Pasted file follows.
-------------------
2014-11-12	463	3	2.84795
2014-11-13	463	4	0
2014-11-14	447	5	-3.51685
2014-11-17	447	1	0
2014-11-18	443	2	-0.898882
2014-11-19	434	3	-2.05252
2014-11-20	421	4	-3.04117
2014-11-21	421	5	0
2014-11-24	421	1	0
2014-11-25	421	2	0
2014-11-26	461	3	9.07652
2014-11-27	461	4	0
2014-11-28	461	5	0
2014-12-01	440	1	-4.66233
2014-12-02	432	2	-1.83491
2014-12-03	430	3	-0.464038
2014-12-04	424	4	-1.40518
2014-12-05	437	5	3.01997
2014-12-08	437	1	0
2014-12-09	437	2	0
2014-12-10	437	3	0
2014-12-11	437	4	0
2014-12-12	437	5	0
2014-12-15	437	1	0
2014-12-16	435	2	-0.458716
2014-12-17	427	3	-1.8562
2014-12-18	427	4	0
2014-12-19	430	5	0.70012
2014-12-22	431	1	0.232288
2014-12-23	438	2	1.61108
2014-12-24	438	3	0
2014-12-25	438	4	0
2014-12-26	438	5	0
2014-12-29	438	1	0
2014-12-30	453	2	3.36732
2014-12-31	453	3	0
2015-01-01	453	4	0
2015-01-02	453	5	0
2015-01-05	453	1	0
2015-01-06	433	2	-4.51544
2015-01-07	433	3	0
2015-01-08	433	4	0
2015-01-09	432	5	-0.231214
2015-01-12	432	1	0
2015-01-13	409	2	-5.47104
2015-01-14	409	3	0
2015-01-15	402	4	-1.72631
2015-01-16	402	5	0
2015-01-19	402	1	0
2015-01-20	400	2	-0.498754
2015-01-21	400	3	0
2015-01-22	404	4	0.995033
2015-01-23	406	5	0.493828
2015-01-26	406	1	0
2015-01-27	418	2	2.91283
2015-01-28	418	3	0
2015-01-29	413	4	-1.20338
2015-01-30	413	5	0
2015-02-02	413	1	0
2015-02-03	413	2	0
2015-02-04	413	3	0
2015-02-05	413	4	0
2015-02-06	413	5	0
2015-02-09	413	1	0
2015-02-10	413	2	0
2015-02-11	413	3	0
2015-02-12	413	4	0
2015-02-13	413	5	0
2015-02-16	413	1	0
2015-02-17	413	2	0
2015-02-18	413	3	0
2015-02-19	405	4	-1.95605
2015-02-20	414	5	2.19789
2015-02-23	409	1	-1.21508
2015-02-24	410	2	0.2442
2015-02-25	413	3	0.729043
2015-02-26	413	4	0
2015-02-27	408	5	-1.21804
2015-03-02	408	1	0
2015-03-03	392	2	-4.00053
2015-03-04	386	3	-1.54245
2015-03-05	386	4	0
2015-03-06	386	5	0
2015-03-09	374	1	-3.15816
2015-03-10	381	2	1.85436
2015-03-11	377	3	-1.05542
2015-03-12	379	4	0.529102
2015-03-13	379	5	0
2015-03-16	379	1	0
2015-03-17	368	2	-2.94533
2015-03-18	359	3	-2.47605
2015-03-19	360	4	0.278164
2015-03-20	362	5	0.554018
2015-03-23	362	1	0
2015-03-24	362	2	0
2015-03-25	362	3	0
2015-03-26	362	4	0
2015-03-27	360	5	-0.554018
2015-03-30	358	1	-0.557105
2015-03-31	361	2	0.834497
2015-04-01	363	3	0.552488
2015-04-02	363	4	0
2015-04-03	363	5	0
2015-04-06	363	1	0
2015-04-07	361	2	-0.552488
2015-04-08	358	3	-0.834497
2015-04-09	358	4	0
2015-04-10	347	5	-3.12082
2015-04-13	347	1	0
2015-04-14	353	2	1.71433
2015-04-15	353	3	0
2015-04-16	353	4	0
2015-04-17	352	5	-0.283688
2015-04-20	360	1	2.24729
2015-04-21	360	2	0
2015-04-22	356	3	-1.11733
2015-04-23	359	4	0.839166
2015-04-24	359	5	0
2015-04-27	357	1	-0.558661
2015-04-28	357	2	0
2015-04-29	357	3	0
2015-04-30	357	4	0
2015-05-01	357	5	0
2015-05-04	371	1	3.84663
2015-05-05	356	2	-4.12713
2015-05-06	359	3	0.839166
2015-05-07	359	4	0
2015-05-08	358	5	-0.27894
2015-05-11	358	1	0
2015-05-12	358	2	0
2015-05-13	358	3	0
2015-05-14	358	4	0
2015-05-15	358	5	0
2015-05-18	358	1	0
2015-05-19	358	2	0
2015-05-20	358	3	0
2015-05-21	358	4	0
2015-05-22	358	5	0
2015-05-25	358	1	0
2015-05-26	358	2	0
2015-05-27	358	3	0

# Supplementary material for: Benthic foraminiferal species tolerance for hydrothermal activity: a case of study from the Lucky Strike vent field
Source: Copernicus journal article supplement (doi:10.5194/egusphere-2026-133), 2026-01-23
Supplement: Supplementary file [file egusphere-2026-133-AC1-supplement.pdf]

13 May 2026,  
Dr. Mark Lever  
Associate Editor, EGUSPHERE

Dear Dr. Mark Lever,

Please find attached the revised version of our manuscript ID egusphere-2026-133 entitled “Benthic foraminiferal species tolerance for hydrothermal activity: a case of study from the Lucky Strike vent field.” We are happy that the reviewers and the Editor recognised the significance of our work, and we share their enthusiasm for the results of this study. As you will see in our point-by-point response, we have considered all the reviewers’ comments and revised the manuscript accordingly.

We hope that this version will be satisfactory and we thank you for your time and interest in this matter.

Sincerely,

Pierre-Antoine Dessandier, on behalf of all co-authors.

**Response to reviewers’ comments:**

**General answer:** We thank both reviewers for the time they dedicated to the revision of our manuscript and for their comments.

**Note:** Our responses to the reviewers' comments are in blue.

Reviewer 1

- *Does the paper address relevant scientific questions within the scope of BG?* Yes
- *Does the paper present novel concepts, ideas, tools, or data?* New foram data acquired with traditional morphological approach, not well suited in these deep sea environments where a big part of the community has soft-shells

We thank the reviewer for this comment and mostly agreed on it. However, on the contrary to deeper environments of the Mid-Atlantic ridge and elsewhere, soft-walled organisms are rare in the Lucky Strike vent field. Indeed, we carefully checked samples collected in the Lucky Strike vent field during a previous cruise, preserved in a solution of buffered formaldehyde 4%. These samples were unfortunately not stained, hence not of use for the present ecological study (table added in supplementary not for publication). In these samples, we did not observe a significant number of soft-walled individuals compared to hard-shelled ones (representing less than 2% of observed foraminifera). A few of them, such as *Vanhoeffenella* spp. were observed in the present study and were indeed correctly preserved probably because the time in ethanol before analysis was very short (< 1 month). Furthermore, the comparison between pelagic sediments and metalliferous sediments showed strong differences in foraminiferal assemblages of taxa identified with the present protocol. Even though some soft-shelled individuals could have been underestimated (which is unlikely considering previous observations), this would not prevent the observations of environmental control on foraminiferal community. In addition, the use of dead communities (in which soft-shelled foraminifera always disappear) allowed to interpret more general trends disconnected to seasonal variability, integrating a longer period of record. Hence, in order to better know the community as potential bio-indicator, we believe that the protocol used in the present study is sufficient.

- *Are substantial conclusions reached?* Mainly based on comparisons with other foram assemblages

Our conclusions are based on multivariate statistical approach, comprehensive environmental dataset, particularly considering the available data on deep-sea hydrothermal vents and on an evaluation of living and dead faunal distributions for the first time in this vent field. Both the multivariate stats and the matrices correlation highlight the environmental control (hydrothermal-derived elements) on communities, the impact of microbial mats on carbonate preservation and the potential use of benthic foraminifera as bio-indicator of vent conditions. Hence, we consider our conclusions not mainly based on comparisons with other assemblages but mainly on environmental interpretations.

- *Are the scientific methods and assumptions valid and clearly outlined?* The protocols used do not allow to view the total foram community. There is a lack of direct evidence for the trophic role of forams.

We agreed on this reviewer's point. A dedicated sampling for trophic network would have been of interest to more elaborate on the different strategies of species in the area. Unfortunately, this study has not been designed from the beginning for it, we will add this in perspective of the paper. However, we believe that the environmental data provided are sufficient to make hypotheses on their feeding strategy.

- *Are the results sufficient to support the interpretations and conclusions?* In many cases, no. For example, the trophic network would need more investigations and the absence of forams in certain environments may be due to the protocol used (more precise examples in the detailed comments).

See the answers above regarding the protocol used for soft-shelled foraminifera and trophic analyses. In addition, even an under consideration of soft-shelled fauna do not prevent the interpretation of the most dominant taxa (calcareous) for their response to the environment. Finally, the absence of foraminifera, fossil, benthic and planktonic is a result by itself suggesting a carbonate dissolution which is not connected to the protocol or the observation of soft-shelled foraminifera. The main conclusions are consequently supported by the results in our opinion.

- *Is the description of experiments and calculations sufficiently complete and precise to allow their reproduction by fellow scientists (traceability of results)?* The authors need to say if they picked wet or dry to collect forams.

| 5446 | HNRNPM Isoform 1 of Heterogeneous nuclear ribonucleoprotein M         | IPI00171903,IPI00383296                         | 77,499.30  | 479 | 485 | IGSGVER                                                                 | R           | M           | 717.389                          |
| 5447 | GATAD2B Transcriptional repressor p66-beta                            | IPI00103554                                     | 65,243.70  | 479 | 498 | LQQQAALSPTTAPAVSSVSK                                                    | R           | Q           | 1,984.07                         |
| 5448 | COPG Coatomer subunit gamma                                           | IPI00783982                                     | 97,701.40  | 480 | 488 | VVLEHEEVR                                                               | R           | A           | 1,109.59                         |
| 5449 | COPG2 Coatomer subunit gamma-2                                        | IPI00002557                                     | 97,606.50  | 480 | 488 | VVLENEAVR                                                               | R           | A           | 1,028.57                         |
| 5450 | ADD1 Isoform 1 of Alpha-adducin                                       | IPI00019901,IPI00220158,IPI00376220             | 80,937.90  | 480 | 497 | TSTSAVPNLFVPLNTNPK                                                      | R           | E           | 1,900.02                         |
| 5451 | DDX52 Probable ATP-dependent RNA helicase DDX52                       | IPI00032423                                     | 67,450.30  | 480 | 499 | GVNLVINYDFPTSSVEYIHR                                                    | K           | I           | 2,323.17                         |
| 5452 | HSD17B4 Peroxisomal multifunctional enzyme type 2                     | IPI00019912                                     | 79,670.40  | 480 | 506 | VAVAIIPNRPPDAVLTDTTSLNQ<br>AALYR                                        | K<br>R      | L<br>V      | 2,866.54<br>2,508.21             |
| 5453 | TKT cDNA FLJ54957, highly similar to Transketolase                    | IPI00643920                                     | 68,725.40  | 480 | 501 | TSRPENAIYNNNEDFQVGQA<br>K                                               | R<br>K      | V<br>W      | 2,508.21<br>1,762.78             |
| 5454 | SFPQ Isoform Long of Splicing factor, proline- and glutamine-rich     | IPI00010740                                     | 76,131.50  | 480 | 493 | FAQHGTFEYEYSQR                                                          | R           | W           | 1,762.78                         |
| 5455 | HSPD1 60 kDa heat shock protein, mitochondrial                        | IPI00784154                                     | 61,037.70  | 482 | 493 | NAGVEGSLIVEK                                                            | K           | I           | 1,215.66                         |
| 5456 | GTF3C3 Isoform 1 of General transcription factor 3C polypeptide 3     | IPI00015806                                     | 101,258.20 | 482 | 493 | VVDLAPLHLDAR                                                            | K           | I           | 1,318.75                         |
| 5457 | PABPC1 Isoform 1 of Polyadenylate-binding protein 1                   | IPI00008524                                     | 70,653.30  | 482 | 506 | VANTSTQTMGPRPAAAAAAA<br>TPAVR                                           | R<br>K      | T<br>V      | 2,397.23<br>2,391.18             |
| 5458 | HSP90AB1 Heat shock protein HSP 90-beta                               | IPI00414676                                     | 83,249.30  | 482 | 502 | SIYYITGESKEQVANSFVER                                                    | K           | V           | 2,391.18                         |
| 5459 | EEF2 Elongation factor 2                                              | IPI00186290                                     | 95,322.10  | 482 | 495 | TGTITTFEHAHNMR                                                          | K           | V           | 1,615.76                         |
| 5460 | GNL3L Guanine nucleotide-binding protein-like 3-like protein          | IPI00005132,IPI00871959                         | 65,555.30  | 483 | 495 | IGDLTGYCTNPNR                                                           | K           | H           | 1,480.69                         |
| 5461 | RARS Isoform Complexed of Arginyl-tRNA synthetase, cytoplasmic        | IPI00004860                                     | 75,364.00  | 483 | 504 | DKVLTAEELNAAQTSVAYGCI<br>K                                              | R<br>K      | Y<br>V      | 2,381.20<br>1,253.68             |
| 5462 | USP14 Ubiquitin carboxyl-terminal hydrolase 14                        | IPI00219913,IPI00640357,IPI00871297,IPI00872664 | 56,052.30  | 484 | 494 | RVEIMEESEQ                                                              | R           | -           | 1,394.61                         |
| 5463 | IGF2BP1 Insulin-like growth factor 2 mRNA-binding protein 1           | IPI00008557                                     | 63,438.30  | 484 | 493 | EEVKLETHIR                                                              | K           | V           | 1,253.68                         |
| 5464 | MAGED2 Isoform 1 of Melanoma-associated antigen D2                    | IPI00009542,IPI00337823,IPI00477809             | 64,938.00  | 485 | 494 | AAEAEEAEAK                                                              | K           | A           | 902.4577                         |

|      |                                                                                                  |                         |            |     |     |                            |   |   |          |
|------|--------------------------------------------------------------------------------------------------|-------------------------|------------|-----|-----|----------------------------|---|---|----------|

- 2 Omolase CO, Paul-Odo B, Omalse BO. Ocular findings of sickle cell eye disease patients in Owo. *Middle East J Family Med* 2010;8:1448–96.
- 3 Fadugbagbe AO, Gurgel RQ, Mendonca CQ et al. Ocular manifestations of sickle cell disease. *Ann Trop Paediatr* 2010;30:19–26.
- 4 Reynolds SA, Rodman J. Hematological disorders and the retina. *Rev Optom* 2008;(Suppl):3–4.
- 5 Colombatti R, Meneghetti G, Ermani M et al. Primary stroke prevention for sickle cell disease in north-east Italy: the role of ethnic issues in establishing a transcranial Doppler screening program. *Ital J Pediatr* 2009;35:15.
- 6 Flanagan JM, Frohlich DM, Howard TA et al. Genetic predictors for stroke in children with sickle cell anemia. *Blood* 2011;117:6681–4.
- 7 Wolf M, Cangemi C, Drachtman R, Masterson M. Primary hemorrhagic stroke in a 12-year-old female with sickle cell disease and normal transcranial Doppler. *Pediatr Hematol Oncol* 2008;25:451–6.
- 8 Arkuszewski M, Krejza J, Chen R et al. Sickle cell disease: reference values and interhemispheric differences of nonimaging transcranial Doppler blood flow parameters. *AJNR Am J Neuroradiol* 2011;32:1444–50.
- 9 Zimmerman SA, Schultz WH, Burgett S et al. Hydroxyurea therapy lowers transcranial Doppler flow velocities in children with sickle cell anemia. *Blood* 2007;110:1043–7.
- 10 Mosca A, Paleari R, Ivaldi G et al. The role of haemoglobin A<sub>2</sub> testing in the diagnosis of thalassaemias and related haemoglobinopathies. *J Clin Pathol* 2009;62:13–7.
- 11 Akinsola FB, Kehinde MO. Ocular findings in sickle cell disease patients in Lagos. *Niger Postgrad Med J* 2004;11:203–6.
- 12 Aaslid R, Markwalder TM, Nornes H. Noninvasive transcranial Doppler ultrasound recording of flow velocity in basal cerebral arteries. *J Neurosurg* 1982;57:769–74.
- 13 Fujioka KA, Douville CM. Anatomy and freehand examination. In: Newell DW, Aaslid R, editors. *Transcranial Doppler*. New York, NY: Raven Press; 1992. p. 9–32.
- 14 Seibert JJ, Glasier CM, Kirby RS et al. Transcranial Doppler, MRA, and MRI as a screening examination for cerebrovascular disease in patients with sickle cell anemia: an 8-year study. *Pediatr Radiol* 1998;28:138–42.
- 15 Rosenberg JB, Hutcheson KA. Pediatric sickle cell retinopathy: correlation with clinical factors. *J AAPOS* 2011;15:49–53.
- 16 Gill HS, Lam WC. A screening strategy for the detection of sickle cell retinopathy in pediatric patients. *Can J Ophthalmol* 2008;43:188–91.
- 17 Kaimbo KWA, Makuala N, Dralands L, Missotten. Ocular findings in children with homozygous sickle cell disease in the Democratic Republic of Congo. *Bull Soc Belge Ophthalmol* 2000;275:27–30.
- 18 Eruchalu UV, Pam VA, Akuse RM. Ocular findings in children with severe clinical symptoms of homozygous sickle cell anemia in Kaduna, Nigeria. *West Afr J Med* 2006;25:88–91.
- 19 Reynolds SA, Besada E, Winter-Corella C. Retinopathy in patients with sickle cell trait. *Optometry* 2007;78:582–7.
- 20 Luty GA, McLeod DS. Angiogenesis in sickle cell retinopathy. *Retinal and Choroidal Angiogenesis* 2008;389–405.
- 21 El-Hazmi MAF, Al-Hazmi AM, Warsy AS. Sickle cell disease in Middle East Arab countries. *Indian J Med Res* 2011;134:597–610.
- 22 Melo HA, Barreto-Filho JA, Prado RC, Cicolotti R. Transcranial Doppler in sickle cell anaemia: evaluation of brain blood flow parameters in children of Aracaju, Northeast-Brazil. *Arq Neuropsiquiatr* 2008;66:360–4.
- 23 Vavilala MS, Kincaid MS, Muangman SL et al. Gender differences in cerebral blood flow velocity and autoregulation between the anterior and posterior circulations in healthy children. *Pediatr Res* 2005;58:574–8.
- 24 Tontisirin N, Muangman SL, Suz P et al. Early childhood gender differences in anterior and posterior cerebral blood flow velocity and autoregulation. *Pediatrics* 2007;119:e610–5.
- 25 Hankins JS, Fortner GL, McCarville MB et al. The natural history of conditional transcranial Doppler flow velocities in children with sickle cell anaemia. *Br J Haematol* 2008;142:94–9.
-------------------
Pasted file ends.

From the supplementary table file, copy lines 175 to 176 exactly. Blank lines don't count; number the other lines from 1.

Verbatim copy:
| 5454 | SFPQ Isoform Long of Splicing factor, proline- and glutamine-rich     | IPI00010740                                     | 76,131.50  | 480 | 493 | FAQHGTFEYEYSQR                                                          | R           | W           | 1,762.78                         |
| 5455 | HSPD1 60 kDa heat shock protein, mitochondrial                        | IPI00784154                                     | 61,037.70  | 482 | 493 | NAGVEGSLIVEK                                                            | K           | I           | 1,215.66                         |